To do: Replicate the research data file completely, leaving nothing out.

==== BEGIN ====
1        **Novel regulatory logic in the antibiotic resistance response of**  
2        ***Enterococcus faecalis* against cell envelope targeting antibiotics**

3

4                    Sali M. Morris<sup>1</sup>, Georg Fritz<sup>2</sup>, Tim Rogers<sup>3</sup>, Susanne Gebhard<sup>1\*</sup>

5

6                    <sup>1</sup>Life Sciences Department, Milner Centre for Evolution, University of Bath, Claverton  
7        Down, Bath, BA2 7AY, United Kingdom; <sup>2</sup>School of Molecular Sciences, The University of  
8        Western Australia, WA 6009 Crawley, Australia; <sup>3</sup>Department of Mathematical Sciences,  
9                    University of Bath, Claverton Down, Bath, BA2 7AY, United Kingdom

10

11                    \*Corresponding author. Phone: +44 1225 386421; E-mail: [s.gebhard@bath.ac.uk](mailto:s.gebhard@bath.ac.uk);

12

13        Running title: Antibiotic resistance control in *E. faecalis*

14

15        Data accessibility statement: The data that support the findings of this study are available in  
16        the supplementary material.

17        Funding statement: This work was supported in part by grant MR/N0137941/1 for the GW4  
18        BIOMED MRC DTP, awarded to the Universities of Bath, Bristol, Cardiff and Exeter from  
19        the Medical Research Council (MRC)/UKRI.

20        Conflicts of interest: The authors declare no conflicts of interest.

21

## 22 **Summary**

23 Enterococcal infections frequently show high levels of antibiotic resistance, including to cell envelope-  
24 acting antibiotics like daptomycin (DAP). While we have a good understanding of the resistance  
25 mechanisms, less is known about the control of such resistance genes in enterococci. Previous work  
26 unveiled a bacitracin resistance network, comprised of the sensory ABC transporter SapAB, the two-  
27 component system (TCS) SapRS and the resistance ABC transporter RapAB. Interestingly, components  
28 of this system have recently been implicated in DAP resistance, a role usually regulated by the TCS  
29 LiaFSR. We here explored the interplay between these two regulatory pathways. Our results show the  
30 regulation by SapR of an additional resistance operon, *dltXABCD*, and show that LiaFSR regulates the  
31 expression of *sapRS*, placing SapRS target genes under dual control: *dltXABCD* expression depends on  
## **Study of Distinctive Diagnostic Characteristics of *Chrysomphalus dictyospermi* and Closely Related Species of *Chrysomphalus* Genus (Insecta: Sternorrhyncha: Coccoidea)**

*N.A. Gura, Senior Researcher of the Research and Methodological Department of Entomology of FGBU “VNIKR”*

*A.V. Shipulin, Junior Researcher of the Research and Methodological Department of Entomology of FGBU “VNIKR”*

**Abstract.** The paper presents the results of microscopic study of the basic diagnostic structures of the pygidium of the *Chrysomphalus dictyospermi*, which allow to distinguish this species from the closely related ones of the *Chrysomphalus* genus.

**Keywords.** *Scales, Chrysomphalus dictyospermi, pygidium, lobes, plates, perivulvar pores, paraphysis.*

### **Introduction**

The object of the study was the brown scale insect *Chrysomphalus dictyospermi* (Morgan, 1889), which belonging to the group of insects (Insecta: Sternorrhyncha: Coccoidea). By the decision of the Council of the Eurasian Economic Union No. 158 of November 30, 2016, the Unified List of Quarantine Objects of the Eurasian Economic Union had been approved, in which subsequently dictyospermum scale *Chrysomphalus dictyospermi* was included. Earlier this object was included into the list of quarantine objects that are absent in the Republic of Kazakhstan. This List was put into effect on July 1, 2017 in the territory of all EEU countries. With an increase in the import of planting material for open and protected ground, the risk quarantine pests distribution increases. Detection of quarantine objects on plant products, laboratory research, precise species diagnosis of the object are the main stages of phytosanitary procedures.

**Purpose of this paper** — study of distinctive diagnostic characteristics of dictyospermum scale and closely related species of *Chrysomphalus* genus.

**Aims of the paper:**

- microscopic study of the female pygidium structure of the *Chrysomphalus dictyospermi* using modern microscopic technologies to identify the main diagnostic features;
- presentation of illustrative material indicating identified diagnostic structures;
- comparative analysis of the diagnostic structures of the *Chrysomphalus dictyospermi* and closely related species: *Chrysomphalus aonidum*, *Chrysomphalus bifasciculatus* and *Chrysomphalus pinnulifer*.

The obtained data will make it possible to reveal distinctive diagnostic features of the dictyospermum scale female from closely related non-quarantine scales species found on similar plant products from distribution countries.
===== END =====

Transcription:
1        **Novel regulatory logic in the antibiotic resistance response of**  
2        ***Enterococcus faecalis* against cell envelope targeting antibiotics**

3

4                    Sali M. Morris<sup>1</sup>, Georg Fritz<sup>2</sup>, Tim Rogers<sup>3</sup>, Susanne Gebhard<sup>1\*</sup>

5

6                    <sup>1</sup>Life Sciences Department, Milner Centre for Evolution, University of Bath, Claverton  
7        Down, Bath, BA2 7AY, United Kingdom; <sup>2</sup>School of Molecular Sciences, The University of  
8        Western Australia, WA 6009 Crawley, Australia; <sup>3</sup>Department of Mathematical Sciences,  
9                    University of Bath, Claverton Down, Bath, BA2 7AY, United Kingdom

10

11                    \*Corresponding author. Phone: +44 1225 386421; E-mail: [s.gebhard@bath.ac.uk](mailto:s.gebhard@bath.ac.uk);

12

13        Running title: Antibiotic resistance control in *E. faecalis*

14

15        Data accessibility statement: The data that support the findings of this study are available in  
16        the supplementary material.

17        Funding statement: This work was supported in part by grant MR/N0137941/1 for the GW4  
18        BIOMED MRC DTP, awarded to the Universities of Bath, Bristol, Cardiff and Exeter from  
19        the Medical Research Council (MRC)/UKRI.

20        Conflicts of interest: The authors declare no conflicts of interest.

21

## 22 **Summary**

23 Enterococcal infections frequently show high levels of antibiotic resistance, including to cell envelope-  
24 acting antibiotics like daptomycin (DAP). While we have a good understanding of the resistance  
25 mechanisms, less is known about the control of such resistance genes in enterococci. Previous work  
26 unveiled a bacitracin resistance network, comprised of the sensory ABC transporter SapAB, the two-  
27 component system (TCS) SapRS and the resistance ABC transporter RapAB. Interestingly, components  
28 of this system have recently been implicated in DAP resistance, a role usually regulated by the TCS  
29 LiaFSR. We here explored the interplay between these two regulatory pathways. Our results show the  
30 regulation by SapR of an additional resistance operon, *dltXABCD*, and show that LiaFSR regulates the  
31 expression of *sapRS*, placing SapRS target genes under dual control: *dltXABCD* expression depends on  
## **Study of Distinctive Diagnostic Characteristics of *Chrysomphalus dictyospermi* and Closely Related Species of *Chrysomphalus* Genus (Insecta: Sternorrhyncha: Coccoidea)**

*N.A. Gura, Senior Researcher of the Research and Methodological Department of Entomology of FGBU “VNIKR”*

*A.V. Shipulin, Junior Researcher of the Research and Methodological Department of Entomology of FGBU “VNIKR”*

**Abstract.** The paper presents the results of microscopic study of the basic diagnostic structures of the pygidium of the *Chrysomphalus dictyospermi*, which allow to distinguish this species from the closely related ones of the *Chrysomphalus* genus.

**Keywords.** *Scales, Chrysomphalus dictyospermi, pygidium, lobes, plates, perivulvar pores, paraphysis.*

### **Introduction**

The object of the study was the brown scale insect *Chrysomphalus dictyospermi* (Morgan, 1889), which belonging to the group of insects (Insecta: Sternorrhyncha: Coccoidea). By the decision of the Council of the Eurasian Economic Union No. 158 of November 30, 2016, the Unified List of Quarantine Objects of the Eurasian Economic Union had been approved, in which subsequently dictyospermum scale *Chrysomphalus dictyospermi* was included. Earlier this object was included into the list of quarantine objects that are absent in the Republic of Kazakhstan. This List was put into effect on July 1, 2017 in the territory of all EEU countries. With an increase in the import of planting material for open and protected ground, the risk quarantine pests distribution increases. Detection of quarantine objects on plant products, laboratory research, precise species diagnosis of the object are the main stages of phytosanitary procedures.

**Purpose of this paper** — study of distinctive diagnostic characteristics of dictyospermum scale and closely related species of *Chrysomphalus* genus.

**Aims of the paper:**

- microscopic study of the female pygidium structure of the *Chrysomphalus dictyospermi* using modern microscopic technologies to identify the main diagnostic features;
- presentation of illustrative material indicating identified diagnostic structures;
- comparative analysis of the diagnostic structures of the *Chrysomphalus dictyospermi* and closely related species: *Chrysomphalus aonidum*, *Chrysomphalus bifasciculatus* and *Chrysomphalus pinnulifer*.

The obtained data will make it possible to reveal distinctive diagnostic features of the dictyospermum scale female from closely related non-quarantine scales species found on similar plant products from distribution countries.